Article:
Part of this process involves defining dedicated roles in detail but leaving room for evolution and growth as new needs become apparent, as well as considering whether the roles are best filled by external hires, through partnerships, or whether data-savvy teachers may be able to perform some of the duties concurrent with their existing roles. Failing to plan ahead for these roles can result in wasted funds and a stalled data initiative. If you are rolling out the initiative over time, but have a long term strategy, you will be positioned to gradually make these decisions as you gain a better understanding of the role requirements.
According to McKinsey, one of the most important roles organizations must assign is that of “analytics translator,” or someone on the business side of an organization who can help identify data use cases and then “translate” those business needs to data scientists, data engineers, and other tech experts so they can create a solution.
In districts this is often the initial project champion: someone who understands the how data can be leveraged to impact student outcomes. But it shouldn’t end there. Through training and incentives, district administrators, school administrators, and teachers can be developed to fill this role, acting as liaisons between educators, tech teams, and strategic leadership to ensure that all parties are heard and understood. The more data-savvy educators and staff a district can develop, the better data can be used every day and in every role to drive improved student outcomes.
With full plates and differing priorities, district leadership and the information technology team can easily fall out of sync. But often, schools’ success depends on districts’ ability to bridge the gap between these two vital groups — districts that can break down silos separating these departments will be better equipped to leverage educational data for positive change.
The districts that are most successful in bridging this gap often facilitate collaboration by including tech team members in strategy planning sessions and administrators in technology meetings. If everyone can understand each other’s point of view, the district’s data analytics initiatives will be a much greater success.
Read our longer blog post on this specific issue, Connecting District Leadership and the Tech Team: How to Overcome Challenges.
According to the McKinsey report, some data initiatives can fail because too much emphasis is put on scrubbing all existing data clean. While we agree that bottlenecking a project before it really begins can be a red flag to watch out for, we know that having clean data is critical. And we have seen this issue hold up school districts’ and education agencies’ projects. But it goes back to the cliche: junk in, junk out.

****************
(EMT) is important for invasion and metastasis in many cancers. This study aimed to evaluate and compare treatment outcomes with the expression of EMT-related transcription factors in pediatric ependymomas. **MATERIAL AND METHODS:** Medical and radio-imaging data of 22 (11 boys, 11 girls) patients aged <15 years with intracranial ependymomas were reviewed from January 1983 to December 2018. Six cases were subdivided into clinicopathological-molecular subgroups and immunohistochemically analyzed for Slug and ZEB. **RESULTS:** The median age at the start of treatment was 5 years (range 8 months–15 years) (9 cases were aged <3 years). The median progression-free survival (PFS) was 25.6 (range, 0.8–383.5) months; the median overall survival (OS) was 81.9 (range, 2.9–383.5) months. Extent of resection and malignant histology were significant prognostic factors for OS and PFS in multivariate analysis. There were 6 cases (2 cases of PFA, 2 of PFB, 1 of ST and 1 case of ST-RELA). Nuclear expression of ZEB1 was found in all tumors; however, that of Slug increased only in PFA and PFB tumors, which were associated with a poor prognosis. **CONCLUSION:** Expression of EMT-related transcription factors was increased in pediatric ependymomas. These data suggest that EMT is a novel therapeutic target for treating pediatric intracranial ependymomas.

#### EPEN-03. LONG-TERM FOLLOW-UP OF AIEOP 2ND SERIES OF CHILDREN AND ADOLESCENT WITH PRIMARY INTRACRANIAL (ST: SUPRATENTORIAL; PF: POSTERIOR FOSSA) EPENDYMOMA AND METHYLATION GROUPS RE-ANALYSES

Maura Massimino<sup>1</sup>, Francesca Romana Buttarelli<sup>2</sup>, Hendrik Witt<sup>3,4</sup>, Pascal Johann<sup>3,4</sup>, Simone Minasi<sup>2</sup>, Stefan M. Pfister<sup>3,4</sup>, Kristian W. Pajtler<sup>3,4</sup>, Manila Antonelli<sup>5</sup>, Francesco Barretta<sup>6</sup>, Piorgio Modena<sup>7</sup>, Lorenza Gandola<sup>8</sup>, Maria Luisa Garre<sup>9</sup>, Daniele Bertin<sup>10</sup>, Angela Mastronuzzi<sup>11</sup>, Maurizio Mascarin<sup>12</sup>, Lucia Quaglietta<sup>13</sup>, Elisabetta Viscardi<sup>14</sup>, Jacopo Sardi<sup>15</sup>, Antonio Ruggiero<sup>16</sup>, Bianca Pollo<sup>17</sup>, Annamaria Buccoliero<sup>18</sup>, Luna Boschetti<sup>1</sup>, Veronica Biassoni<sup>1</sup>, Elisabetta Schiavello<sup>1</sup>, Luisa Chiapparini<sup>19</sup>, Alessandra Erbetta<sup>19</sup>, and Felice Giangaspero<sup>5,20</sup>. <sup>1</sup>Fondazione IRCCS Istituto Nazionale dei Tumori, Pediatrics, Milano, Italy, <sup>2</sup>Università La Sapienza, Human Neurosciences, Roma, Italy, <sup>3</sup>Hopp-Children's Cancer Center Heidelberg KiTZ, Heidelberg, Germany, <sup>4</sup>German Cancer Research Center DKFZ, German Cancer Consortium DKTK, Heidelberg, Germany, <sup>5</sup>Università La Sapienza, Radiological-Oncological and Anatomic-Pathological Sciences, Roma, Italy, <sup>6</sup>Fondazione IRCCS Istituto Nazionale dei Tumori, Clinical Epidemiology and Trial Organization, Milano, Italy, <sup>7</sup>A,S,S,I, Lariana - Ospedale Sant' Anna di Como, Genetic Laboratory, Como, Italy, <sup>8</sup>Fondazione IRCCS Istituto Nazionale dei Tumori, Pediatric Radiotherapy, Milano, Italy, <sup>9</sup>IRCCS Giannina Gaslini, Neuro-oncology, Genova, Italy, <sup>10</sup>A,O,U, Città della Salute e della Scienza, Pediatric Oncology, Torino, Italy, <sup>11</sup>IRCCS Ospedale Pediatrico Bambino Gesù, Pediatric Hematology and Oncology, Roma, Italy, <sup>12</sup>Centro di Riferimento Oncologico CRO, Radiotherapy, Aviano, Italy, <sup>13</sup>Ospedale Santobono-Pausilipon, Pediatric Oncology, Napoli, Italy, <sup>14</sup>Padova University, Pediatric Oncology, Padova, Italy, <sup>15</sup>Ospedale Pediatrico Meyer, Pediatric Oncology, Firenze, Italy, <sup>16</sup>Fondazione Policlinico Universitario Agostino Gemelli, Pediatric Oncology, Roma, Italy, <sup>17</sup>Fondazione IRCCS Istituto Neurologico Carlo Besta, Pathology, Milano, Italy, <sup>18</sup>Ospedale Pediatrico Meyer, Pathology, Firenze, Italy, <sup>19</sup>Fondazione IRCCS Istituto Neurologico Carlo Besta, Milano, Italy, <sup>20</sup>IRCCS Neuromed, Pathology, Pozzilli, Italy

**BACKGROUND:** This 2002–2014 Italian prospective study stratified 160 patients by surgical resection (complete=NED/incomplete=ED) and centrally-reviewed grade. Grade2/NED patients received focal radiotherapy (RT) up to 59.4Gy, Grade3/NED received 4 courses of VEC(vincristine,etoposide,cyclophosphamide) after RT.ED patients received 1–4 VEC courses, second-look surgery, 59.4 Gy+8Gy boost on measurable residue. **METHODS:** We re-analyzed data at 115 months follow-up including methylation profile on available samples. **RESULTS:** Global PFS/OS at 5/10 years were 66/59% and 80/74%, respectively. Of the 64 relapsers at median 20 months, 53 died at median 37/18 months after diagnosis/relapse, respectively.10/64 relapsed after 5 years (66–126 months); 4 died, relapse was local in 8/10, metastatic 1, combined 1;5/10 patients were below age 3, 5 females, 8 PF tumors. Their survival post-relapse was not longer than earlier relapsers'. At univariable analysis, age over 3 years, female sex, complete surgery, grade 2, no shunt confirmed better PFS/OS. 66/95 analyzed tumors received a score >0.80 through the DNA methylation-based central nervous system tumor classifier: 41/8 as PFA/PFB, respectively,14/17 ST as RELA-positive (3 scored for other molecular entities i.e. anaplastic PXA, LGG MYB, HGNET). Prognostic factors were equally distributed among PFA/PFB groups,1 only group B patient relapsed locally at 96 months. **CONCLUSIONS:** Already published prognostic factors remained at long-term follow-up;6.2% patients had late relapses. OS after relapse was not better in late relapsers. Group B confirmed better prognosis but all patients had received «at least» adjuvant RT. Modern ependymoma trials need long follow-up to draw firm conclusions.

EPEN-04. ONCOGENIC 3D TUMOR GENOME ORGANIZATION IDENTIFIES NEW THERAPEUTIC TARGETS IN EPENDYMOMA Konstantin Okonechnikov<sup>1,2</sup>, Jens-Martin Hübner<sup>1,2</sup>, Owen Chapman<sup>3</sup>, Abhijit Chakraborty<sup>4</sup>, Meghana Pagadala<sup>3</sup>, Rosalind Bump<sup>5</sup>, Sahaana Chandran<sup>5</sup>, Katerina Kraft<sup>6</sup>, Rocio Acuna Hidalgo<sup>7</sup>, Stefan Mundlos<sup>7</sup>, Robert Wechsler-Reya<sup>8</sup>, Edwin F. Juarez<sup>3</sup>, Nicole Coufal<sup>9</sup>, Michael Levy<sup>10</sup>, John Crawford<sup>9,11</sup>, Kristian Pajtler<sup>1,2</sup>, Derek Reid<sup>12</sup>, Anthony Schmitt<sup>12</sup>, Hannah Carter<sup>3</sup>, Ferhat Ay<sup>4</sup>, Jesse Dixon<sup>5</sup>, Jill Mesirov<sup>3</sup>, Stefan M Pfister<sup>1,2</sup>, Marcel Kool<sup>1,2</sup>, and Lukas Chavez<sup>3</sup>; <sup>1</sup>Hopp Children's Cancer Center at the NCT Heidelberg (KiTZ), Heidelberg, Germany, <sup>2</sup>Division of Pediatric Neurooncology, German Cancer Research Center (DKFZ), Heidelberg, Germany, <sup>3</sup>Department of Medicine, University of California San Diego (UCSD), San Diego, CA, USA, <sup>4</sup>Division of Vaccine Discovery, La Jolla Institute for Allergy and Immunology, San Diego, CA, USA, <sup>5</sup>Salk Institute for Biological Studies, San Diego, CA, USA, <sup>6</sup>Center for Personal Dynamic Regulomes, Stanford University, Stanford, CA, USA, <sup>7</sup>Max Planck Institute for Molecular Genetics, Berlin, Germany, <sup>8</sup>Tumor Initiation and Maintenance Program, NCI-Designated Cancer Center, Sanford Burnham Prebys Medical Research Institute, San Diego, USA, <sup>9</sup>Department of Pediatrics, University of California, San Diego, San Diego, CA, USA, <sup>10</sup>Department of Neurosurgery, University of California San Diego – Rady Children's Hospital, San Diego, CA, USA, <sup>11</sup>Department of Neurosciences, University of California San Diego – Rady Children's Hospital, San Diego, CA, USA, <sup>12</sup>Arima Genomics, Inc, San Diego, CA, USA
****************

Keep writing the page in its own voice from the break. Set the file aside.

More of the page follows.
For this reason, we recommend that a data cleansing action plan is put in place that takes into consideration the time and processes that will be necessary to address data cleanliness. It should not be an afterthought once a project is already in process.
Here at Hoonuit, we have a team of seasoned data scientists, engineers, and solution architects whose job it is to help us understand exactly what data quality checks to run to clean-up data at the beginning of a new implementation, as well as what processes and business rules to put in place to monitor data cleanliness going forward.
While there are countless data analytics solutions on the market, a majority of them aren’t designed with needs specific to the education community in mind. And because they aren’t built for educators, they often don’t integrate with the most popular educational tools or provide out-of-the box analysis that meets educators needs, making it harder for school districts that wish to offer a streamlined user experience to support an analytics program’s continued use.
Fortunately, tools like Hoonuit are built with educators in mind. That’s why we’ve built partnerships with many leading educational technology vendors, and why we make ease of use a top priority. Our intuitive dashboards offer unparalleled data visualization functionality, making it simple to turn information into actionable insights to improve student outcomes.
While there’s no question that data analytics is valuable, many organizations struggle to pinpoint precisely how and where it’s helping. That’s because the ROI of data analytics often isn’t a one-to-one process: it completely transforms that a way a school district operates, while also providing greater value and more useful insights.
What’s more, in educational settings, ROI isn’t simply a money in, money out equation; not all student outcomes can be measured purely quantitatively. Educational data can support the work of teachers and administrators as they improve efficiency, meet reporting requirements, and most importantly, enable student performance. To that end, district administrators should look to get more value out of the data their schools produce, and leverage that data as a vehicle for positive change in their communities.
At Hoonuit, we understand that every new school year brings on new challenges, opportunities, and goals. We can help you use data analytics to support it all.
Learn more about our end-to-end data management and analytics solution here.